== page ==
I thoroughly enjoyed the book, I think it can appeal to historians and academics as well as readers who are not normally that much into history. There are references and bibliography and the linguistic and political neutrality of academics, but at the same time the story is accessible, engaging, narrated in good structure and unpretentious language.
Personally, I prefer economic and social histories more than political or institutional ones, and this book is mainly about the latter, but that makes sense considering the top down, authoritarian regimes described. Perhaps it's a small weakness that the economy parts are a bit sparse and also that the author's speciality shows when he talks about his topic (the USSR), the parts on other communist countries go a little bit too quickly. There is some repetition (especially in conclusions, summaries and in the last chapter), perhaps it's not necessary as the history is very well written and allows the reader to make up his own mind. Details like the above are probably inevitable in such an ambitious, wide-ranging book, I couldn't put them down as faults.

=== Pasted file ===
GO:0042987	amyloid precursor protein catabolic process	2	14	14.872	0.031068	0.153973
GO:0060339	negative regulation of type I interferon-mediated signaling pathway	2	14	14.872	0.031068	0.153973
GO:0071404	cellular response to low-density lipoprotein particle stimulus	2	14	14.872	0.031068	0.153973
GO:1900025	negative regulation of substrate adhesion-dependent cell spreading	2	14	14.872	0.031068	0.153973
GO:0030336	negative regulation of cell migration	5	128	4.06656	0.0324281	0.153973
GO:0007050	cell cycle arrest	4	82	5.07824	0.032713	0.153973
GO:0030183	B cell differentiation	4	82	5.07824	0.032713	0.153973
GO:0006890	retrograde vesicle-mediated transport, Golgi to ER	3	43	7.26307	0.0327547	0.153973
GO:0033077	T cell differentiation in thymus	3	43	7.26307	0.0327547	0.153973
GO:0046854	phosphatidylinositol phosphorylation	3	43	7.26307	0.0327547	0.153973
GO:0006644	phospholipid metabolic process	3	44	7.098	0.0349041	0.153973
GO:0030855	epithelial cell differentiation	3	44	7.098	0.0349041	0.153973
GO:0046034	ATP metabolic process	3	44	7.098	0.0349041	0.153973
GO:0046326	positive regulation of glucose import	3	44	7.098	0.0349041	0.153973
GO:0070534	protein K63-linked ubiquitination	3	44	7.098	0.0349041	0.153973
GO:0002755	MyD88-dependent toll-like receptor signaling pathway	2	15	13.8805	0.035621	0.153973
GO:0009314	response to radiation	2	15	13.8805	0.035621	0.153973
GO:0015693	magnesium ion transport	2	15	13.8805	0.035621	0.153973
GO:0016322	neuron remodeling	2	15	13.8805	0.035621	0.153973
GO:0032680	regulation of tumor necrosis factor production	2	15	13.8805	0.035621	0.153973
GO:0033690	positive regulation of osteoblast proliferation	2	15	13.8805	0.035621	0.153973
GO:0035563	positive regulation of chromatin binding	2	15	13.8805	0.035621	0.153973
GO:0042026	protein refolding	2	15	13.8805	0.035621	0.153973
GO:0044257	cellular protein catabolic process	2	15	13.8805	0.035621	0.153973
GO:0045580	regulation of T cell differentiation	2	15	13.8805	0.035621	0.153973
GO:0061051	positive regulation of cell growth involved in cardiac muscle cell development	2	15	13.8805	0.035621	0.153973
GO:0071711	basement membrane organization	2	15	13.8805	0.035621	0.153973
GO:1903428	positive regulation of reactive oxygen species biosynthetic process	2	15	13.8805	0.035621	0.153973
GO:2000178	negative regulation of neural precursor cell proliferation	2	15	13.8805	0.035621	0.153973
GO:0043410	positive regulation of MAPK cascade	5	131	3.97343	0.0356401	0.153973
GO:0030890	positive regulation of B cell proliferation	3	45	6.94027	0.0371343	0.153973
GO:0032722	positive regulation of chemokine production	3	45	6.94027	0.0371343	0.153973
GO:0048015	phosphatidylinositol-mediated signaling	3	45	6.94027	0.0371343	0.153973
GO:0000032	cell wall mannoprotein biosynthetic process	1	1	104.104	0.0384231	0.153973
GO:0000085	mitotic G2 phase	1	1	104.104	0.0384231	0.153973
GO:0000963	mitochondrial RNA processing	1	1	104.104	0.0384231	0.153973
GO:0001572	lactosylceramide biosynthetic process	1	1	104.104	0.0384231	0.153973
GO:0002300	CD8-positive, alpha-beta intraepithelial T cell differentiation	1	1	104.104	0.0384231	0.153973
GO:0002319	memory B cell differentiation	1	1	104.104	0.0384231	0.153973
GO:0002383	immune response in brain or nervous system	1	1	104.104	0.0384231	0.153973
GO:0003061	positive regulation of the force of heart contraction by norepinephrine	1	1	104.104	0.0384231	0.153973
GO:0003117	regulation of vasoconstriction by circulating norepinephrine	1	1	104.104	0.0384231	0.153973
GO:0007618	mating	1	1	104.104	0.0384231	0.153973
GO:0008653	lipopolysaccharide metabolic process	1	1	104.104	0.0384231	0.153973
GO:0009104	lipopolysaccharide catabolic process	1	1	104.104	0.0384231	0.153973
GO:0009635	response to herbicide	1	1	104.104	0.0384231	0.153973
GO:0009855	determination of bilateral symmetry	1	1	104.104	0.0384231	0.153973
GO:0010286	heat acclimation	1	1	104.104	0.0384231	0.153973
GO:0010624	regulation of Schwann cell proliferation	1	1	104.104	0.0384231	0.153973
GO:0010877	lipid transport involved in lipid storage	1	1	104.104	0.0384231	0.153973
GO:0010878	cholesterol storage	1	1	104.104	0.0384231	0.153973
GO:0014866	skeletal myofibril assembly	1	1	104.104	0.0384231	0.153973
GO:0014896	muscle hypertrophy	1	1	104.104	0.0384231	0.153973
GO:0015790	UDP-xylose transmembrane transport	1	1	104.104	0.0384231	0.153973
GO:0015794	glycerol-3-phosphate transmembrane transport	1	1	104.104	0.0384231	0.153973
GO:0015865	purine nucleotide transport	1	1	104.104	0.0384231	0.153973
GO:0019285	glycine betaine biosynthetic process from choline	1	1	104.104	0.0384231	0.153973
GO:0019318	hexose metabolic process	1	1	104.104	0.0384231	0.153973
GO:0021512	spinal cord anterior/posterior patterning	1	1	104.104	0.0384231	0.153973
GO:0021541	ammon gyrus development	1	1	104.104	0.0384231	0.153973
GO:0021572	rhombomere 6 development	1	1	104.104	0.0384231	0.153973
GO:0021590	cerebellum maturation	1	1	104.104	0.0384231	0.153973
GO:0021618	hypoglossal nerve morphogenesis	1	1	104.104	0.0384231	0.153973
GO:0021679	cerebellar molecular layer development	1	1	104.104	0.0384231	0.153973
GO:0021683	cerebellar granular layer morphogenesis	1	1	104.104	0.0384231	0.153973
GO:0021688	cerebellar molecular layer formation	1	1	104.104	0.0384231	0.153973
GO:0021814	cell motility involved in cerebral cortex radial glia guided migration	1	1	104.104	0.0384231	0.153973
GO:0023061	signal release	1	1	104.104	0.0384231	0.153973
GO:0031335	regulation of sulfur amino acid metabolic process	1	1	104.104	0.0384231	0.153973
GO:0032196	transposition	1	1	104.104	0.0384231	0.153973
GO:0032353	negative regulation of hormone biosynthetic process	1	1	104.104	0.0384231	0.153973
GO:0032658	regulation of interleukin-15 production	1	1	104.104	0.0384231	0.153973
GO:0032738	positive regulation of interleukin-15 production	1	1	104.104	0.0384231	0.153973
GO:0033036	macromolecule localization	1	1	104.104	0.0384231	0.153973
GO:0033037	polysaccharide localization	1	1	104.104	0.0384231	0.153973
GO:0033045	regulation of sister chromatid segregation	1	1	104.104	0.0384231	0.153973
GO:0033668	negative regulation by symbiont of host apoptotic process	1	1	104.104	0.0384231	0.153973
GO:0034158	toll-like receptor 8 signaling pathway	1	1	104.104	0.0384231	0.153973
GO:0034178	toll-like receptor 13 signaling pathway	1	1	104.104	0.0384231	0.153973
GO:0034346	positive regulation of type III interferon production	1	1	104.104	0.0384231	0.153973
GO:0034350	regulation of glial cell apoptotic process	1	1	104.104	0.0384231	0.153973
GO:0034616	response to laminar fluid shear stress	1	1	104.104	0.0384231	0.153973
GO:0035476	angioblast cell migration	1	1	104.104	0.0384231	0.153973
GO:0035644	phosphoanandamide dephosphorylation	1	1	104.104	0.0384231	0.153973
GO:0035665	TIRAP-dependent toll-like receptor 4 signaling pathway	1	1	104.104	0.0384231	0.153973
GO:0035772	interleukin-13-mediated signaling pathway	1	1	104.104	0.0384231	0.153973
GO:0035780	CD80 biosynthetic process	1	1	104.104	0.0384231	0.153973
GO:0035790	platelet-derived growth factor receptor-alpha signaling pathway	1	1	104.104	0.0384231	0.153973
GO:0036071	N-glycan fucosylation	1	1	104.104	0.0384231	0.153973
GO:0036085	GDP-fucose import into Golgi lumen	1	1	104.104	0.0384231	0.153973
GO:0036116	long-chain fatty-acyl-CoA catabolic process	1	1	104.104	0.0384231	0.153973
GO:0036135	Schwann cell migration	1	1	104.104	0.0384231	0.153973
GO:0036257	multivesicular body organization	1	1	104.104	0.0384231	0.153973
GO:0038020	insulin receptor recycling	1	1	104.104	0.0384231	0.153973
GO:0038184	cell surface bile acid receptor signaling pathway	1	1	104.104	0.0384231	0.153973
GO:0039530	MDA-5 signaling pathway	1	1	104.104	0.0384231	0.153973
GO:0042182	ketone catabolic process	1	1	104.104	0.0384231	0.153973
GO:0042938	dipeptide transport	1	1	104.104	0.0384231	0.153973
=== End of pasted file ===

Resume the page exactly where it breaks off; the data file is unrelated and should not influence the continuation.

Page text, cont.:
About the usual question (in such books) of perceived bias, I can't imagine many people being put off, the author casts a critical eye on communism and explains why elements of totalitarianism/authoritarianism go together with communism. But even if the reader disagrees, the point is not unpleasantly forced, the book focuses on story, not rants or polemics. There's no obvious right wing bias either, the occasional successes of communism are also explained and communism is contrasted to democratic socialism and people on the left like Orwell or Bevan who I thought are portrayed in a flattering light.